Tires are essential in covering the wheels of your motorcycle, car, or truck. Canada has winter and summer tires such as T-type, Bias Ply, Radial Ply, ST, and FI that work efficiently in cold and dry locations. You can opt for all-weather car tires from brands such as Michelin, Goodyear, Firestone Weathergrip, or CrossClimate2.

All new tires have a date of manufacture and an expiration date. Surprisingly, most people do not know about the expiration of tires. So, how can you tell if your summer or winter tires are expired? For starters, you can begin by checking the DOT Code for a Manufacturing Date.

Therefore, before purchasing tires at any tire dealership, it is wise to know how to check if they are expired or not. Knowing how and where to check the age of the tires can come in handy and protect you from purchasing tires at the end of your lifetime. Assuming that most new tires are in the best working condition is a mistake that some customers make, ending up with an expiring tire. Read on to learn more about the expiry of tires.

Calculating the Tire Expiry Date

Knowing the age of your car tires prevents buying one at the end of its lifespan. Old tires in heavy or light trucks can cause accidents on the road, hence the need to comply with the Motor Vehicle Tire Safety Regulations in Canada.

New DOT guidelines expect car, truck, and motorcycle tires to last six years at most. So, after identifying the tire’s date code outside or in the sidewall of the tire, add six years to get its expiration date. For example, if the number in the yellow box is 4017, meaning the tire’s lifespan is until 4023.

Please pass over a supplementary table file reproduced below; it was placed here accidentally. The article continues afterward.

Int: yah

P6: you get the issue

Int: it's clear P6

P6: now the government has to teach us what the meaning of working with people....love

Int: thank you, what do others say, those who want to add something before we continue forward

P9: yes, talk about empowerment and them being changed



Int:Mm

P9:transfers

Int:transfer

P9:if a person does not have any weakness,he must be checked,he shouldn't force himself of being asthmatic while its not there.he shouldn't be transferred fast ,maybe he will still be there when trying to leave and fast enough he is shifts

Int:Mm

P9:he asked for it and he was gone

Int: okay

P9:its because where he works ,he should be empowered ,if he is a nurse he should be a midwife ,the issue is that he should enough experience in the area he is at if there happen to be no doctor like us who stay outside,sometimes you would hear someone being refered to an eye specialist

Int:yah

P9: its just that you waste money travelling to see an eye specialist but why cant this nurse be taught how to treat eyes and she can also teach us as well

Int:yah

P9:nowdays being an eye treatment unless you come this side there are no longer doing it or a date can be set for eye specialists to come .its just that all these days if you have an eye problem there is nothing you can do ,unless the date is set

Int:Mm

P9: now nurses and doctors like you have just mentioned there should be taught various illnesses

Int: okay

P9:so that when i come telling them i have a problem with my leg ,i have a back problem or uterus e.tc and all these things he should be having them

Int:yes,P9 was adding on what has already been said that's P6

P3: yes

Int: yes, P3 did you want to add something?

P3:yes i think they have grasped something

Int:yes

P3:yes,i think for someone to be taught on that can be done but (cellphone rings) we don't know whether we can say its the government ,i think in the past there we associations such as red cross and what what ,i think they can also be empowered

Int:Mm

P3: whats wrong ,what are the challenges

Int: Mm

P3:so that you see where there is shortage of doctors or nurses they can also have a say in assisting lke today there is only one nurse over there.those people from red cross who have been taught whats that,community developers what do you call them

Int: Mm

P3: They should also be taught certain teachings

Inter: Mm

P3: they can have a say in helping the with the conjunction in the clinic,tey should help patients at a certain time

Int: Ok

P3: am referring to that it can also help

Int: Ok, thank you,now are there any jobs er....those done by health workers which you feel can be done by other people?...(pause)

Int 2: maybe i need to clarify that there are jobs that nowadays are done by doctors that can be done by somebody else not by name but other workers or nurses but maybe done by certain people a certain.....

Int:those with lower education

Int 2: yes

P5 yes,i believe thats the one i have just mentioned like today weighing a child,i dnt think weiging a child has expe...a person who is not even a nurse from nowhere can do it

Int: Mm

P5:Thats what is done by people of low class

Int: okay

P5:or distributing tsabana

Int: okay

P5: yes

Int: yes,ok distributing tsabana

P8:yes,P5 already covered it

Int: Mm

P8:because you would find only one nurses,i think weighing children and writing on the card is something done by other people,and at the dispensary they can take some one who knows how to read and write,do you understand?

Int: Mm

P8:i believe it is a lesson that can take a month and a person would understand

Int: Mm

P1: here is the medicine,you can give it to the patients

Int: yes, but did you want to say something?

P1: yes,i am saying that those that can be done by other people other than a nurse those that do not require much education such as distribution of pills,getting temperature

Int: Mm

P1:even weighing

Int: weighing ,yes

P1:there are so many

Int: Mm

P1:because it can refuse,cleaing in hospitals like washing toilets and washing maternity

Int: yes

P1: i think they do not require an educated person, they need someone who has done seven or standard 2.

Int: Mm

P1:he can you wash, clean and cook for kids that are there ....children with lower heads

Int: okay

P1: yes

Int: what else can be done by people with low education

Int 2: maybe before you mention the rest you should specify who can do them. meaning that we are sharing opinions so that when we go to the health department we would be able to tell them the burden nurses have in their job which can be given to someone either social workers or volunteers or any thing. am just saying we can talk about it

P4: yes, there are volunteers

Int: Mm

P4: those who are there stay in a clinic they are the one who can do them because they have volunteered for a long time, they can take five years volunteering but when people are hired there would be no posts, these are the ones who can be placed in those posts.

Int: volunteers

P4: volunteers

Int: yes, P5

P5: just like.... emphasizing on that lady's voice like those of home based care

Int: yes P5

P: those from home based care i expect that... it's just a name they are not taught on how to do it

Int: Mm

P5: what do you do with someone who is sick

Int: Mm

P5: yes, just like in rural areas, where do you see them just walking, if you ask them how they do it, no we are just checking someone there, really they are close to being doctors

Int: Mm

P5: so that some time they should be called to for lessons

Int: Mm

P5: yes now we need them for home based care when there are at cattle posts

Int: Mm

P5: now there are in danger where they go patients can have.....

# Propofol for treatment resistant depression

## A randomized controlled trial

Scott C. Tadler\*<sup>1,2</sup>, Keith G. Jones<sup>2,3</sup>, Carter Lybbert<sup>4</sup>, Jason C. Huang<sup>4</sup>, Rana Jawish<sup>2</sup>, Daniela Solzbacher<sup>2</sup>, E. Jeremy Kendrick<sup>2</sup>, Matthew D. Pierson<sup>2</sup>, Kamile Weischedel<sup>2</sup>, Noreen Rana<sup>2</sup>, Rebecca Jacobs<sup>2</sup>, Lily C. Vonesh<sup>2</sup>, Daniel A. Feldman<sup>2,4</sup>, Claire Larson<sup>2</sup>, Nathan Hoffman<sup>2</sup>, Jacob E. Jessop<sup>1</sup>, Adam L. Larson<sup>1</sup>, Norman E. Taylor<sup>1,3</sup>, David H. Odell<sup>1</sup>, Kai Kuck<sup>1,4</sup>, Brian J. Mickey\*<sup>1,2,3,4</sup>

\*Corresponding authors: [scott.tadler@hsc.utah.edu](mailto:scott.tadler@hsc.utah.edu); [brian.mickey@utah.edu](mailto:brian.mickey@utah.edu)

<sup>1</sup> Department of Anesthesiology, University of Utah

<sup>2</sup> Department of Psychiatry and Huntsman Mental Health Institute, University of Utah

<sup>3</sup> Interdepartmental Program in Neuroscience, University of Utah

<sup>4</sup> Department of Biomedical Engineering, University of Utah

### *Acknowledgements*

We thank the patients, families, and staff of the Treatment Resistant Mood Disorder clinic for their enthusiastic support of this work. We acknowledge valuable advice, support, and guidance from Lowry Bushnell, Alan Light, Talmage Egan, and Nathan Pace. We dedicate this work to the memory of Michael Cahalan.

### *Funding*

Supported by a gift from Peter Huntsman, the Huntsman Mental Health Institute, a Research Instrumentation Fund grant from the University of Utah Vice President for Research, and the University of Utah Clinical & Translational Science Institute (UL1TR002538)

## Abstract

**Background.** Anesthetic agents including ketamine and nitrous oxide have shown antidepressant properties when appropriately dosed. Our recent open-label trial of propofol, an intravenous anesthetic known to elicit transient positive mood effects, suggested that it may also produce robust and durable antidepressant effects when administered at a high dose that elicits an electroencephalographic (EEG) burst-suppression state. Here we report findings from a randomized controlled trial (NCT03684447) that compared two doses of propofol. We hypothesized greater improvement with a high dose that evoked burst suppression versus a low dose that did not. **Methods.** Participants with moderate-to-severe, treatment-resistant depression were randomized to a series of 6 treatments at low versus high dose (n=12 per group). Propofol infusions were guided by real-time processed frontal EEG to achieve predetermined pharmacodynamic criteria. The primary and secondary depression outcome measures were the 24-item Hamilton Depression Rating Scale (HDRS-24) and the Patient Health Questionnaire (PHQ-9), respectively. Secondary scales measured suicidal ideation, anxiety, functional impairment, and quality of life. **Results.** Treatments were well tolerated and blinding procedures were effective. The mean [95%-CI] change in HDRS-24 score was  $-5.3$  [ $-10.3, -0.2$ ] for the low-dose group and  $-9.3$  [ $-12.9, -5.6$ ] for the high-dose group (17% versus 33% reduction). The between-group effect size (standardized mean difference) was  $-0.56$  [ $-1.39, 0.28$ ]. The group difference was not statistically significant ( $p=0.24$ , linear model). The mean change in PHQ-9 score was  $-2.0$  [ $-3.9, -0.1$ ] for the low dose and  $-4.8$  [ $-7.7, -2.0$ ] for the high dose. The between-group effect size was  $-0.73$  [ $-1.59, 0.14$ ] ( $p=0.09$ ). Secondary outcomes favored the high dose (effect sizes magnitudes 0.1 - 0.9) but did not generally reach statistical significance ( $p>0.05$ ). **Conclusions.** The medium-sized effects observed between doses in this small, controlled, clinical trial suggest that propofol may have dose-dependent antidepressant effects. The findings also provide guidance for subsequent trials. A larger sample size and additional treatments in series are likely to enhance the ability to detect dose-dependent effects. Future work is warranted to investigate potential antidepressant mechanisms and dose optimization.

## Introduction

Tire Age Limit

After using your tires for six years, it is time for them to go, regardless of their mileage, tread depth, treadwear, speed rating, and appearance. Safety standards prohibit the use of old tires that are a high risk on the roads. The National Highway Traffic Safety Administration also recommends replacing tires with new ones, including the T-type spare tire. Vehicle manufacturers provide a manual that can help when replacing your old tire.

Bonus Tip

The Canadian Department of Transportation in provinces such as Ontario, home to Toronto City and Saskatchewan, set regulations that protect truck and car owners from buying expired tires. You can find the tire identification number in your tire’s sidewall, information panel, and the owner’s manual.

Most tire manufacturers put the 11-character tire identification number outside the tires instead of the sidewalls. Tires have a two-character plant code, tire size code, and manufacturing date, which appears inside a yellow box with four digits. The first two digits indicate the week of the year, while the last two are the manufacturing year. For instance, 3514 in a set of tires implies the tires were new in the 35th week of 2014.

In Short!

There is an expiration date on the tires you buy in Canada. The country uses DOT regulations similar to those in America to provide for its car, trailer, and light truck owners. TreadNation Program of the FFUN Motor Group can help you find the best new tires at an affordable price and a warranty. It offers tire storage and free tire rotation that makes it easy to find and read the DOT code.